Railroad 'quiet zone' approved for San Jose

For more than three years residents of several San Jose neighborhoods have been putting up with train horns all throughout the night.  On Friday the city announced those sleepless nights are over as a railroad "quiet zone" has officially gone into effect.

The problems started back in late 2018 when Union Pacific changed some of the routes and times for its freight trains.  Under federal law train engineers must sound their horns at grade-level road and pedestrian crossings and the uproar from residents began immediately.

San Jose resident Chris Wemp, who lives near the tracks, shared video of train noise which he says can be as loud as a plane or a concert. Wemp said the all-night train horns could not be more disruptive.  "So you wake up in a start – wondering is this a fire alarm going off, is this an emergency – and it is kind of shocking," Wemp said. 

At a news conference on Friday city leaders announced the Federal Railway Administration –– which oversees the nation’s railroads and tracks -- has signed off on its plans for a "quiet zone." That means between 10pm and 7am there will be no more routine horns at street crossings.

"In this case we had thousands of residents who were disturbed in their sleep every single night because of nighttime operations of Union Pacific because of a change of routing," said San Jose Mayor Sam Liccardo

The quiet zone covers 14 intersections over a 1.8-mile stretch of tracks from Montgomery street near Highway 87 in the west through 10th and Horning streets to the north. 

"There have been times when I have had, say, an 8 o’clock meeting and I have been woken up at 2 a.m., 3:30 a.m. maybe 4 a.m. and I am exhausted the next morning and still needing to function," Wemp said.  

In order to get federal regulators to sign off on rail quiet zones – here or anywhere else – cities have to meet strict conditions at every vehicle and pedestrian crossing. For example – at 7th and Jackson Streets – the city actually had to change the entire traffic pattern.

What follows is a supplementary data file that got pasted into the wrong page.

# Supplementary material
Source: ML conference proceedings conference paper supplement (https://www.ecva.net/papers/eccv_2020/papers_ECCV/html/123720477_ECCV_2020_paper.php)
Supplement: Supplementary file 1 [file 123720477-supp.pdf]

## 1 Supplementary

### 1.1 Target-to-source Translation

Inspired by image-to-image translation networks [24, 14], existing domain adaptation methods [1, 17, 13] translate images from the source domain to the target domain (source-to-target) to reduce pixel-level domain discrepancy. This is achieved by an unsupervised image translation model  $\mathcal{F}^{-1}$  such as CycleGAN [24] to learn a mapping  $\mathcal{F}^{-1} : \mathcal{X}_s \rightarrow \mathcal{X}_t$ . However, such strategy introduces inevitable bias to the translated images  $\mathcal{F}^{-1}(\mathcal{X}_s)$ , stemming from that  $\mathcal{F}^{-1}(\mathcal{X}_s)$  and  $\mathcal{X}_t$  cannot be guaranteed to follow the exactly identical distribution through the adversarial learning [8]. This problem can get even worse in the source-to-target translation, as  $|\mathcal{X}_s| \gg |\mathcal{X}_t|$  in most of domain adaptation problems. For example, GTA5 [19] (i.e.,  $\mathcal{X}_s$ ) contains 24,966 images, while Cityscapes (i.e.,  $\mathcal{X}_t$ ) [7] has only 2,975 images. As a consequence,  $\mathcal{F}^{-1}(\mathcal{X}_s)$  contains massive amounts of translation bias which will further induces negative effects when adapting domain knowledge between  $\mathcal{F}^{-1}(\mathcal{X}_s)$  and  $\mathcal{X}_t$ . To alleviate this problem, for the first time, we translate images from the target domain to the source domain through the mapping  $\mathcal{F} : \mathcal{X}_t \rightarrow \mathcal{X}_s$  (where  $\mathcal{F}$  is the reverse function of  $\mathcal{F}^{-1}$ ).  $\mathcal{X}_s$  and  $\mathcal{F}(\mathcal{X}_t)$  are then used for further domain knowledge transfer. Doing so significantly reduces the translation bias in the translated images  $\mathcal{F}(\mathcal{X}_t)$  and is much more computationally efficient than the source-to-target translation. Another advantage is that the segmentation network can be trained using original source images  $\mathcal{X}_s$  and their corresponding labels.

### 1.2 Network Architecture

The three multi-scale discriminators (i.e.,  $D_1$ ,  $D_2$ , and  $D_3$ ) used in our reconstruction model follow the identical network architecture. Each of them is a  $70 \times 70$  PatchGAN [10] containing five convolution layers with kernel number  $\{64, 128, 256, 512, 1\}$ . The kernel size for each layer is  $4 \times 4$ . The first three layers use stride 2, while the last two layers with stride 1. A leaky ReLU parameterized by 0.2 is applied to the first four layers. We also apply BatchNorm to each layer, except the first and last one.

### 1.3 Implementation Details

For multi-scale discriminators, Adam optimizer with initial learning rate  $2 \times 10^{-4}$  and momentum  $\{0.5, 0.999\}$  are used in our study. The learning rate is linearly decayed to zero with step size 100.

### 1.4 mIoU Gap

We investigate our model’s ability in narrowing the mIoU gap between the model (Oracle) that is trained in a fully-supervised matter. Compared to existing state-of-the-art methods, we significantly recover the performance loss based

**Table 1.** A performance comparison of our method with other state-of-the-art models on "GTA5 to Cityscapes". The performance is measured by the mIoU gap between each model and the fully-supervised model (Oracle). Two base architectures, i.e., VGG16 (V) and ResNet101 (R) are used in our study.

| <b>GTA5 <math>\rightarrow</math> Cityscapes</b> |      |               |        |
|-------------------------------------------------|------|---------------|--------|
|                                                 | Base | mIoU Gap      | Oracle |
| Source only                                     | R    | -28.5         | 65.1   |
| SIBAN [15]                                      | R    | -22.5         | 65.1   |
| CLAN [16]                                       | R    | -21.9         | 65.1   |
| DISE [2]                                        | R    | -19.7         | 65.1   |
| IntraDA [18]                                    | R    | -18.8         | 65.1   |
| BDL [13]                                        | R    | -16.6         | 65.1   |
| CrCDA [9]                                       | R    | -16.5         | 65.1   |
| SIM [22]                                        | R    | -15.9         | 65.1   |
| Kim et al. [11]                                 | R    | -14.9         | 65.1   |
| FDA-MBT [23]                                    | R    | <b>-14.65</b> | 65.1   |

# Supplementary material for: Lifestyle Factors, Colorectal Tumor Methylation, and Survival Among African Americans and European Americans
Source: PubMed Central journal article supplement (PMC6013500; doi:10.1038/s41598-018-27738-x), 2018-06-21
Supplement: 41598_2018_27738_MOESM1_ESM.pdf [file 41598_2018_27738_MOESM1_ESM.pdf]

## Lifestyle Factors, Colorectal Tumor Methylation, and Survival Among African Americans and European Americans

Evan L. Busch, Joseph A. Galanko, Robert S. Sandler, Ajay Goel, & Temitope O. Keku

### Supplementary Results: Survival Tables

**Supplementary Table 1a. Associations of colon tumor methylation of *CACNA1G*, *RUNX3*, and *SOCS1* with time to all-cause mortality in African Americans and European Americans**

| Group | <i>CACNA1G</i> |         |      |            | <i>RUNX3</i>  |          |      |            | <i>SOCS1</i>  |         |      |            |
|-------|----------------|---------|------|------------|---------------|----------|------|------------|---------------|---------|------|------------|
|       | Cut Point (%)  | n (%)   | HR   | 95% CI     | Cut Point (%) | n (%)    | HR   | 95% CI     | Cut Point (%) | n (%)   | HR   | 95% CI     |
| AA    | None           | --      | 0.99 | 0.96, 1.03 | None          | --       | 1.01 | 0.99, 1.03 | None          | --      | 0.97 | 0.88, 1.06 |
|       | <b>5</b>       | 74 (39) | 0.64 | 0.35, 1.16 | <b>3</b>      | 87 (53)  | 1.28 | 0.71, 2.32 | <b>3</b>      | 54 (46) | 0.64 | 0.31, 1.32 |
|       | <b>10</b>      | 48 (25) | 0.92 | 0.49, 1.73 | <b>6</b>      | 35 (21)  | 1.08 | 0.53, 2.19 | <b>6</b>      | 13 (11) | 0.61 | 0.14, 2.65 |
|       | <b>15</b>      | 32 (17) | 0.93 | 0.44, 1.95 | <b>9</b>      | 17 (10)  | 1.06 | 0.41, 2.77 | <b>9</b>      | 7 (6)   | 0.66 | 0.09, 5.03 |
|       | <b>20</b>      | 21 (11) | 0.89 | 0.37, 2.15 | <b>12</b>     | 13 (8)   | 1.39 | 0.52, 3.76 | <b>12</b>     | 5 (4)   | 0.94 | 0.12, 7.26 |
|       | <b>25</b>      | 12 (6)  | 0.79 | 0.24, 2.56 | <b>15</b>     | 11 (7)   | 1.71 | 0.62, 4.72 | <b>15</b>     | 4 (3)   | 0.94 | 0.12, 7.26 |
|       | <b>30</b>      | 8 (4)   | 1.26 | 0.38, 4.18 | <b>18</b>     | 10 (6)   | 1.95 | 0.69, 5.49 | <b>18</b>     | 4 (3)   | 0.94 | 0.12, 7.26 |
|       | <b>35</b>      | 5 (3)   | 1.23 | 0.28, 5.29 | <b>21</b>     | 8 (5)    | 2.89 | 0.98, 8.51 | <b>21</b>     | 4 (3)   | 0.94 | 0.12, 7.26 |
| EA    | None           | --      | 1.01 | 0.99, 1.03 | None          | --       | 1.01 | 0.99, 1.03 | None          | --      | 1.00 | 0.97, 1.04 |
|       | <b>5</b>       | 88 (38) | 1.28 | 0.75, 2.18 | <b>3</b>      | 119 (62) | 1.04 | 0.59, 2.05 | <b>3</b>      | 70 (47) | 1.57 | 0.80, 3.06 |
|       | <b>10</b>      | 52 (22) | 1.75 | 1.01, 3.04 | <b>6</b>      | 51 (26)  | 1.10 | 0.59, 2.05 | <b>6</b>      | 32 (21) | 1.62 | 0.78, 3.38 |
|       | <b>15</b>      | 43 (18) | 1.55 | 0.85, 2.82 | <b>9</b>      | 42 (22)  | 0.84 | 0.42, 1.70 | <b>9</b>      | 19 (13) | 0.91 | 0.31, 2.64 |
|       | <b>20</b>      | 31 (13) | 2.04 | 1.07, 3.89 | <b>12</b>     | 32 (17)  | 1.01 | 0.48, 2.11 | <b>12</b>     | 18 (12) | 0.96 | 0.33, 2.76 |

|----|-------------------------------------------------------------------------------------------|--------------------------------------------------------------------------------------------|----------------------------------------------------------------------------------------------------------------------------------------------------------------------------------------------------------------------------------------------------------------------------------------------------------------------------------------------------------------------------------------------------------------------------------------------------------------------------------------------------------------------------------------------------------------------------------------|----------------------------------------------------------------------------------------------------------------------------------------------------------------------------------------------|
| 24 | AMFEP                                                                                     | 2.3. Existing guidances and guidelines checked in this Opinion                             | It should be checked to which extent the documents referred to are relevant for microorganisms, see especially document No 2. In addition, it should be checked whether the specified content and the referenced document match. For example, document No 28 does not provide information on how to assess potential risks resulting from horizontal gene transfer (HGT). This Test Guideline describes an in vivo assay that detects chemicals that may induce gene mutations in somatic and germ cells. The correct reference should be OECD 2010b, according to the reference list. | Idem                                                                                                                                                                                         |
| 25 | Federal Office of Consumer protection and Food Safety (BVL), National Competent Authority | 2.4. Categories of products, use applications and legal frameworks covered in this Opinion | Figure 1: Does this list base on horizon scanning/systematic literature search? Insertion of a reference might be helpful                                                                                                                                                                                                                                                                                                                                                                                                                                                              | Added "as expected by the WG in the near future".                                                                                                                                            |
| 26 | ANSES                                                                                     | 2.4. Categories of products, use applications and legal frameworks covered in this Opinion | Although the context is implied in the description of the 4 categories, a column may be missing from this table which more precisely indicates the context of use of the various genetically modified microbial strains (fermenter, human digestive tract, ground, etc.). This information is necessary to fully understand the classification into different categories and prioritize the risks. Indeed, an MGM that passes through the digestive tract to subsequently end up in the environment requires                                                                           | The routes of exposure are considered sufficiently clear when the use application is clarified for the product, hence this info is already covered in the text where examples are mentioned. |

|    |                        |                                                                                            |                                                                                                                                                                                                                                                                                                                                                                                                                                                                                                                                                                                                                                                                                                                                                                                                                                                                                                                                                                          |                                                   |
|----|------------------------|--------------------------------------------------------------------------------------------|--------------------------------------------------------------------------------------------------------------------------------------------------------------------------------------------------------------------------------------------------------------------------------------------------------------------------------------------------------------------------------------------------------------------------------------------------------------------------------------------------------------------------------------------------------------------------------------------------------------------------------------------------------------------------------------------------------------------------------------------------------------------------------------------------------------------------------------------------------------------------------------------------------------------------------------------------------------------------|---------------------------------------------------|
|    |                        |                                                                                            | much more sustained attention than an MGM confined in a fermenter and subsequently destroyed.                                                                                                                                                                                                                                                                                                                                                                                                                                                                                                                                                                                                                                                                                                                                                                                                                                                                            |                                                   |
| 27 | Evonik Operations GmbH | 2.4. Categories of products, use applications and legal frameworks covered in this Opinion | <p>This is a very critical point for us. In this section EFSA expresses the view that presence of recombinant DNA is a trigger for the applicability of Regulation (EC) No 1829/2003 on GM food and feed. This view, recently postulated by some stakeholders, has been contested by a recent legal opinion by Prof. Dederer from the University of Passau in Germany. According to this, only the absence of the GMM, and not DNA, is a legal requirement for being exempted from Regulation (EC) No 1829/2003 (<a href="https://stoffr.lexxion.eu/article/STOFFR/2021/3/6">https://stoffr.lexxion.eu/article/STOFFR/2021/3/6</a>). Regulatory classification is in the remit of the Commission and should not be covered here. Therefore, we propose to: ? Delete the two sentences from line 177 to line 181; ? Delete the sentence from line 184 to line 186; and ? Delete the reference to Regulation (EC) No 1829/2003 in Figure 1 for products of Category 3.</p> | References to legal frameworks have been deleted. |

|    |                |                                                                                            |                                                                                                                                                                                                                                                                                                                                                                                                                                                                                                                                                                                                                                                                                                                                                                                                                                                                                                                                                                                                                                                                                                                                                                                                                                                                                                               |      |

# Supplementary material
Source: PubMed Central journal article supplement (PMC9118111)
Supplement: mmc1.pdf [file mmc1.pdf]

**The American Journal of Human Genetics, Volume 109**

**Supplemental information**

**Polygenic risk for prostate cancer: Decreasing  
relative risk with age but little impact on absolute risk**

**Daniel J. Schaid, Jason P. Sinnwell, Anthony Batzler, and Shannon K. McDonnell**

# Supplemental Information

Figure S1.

Francisco Castillo, the California and Nevada spokesperson for Union Pacific, says the railroad operates in 23 states west of the Mississippi River. Castillo said Union Pacific realizes that train horns can be disruptive but unless approved safety measures such as gate-arms and signage are in place its engineers are required to sound them.

"So we can’t just change schedules to accommodate local communities," Castillo said.  "So the quiet zone is a solution – at least a partial quiet zone in this case – it will help neighbors sleep better at night," he said. 

Many of the initial improvements – paid for by the city – were enough to qualify only for the nighttime quiet zone.  The long term goal is to keep the train horns quiet 24-hours per day and another 8-million dollars in state funding should help make that a reality.

"This is good news. This partial quiet zone has been a good milestone because it has really helped us get the ball rolling on our larger community goal which is to get the 24-hour quiet zone built," said Chris Wemp.

Even though all of these new safety measures are in place and the train engineers are now allowed to roll through without sounding their horns that does not mean residents here will never hear another train horn. Union Pacific says engineers are still watching the tracks and will still sound train horns if they see a person or any other obstruction on the tracks.